The fastest creature on earth is a Peregrine Falcon, which can reach tremendous speeds of 390 kilometres per hour when swooping in for the kill. Peregrines have become increasingly plentiful in Ireland, and the fastest duck on the planet also calls this island home.
A Red-Breasted Merganser escaping from the flight of an airplane was once recorded flying at the staggering speed of 160 kilometres per hour. This exotic and colourful duck is currently wintering around the West Pier.
Mergansers are diving ducks and members of the sawbill family. They are sleek and streamlined birds and enthralling to watch. On Christmas Day, I watched one for over an hour. I counted three males and one female swimming around between the Pier and Seapoint bay, frequently darting down into the depths of the water in the hope of catching their Christmas dinner.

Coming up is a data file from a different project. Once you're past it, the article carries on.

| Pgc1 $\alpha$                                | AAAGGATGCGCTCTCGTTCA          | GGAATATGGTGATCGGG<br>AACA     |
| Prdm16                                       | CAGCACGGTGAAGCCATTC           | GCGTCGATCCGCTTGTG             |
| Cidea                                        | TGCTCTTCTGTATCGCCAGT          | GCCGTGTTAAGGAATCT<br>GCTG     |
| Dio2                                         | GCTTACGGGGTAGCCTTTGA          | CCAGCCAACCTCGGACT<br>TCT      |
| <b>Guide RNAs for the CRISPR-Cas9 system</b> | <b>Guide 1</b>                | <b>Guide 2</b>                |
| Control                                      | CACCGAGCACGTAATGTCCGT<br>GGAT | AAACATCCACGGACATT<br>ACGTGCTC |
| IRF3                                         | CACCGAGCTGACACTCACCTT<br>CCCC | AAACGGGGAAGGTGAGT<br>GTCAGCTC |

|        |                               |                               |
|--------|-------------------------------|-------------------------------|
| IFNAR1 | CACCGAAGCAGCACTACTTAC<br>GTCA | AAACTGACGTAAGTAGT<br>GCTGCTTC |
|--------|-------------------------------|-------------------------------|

Their Latin name, Mergus serrator, derives from ‘mergus’ used by Pliny and other Roman authors to refer to a waterbird, and ‘serrator”; a sawyer, deriving from the Latin for ‘saw’ serra. They are very striking birds with a spiky crest and long thin red bill with serrated edges, which is very unusual and unique for a duck and is because of their special diet. All other ducks are vegetarians, but Mergansers eat fish.
The male Merganser has a dark head with a green sheen, a white neck with a rusty breast, black back, and a white under body. Adult females have a rusty head and a grey body. The juvenile is like the female without the white collar and a smaller white wing patch.
A handful of Mergansers breed in large lakes in the west and north-west, but the Dún Laoghaire Mergansers are likely to have flown all the way from the Subarctic to winter in our warmer Irish waters.
Keep an eye out for these gorgeous ducks when walking the West Pier, which is a fantastic place for bird watching.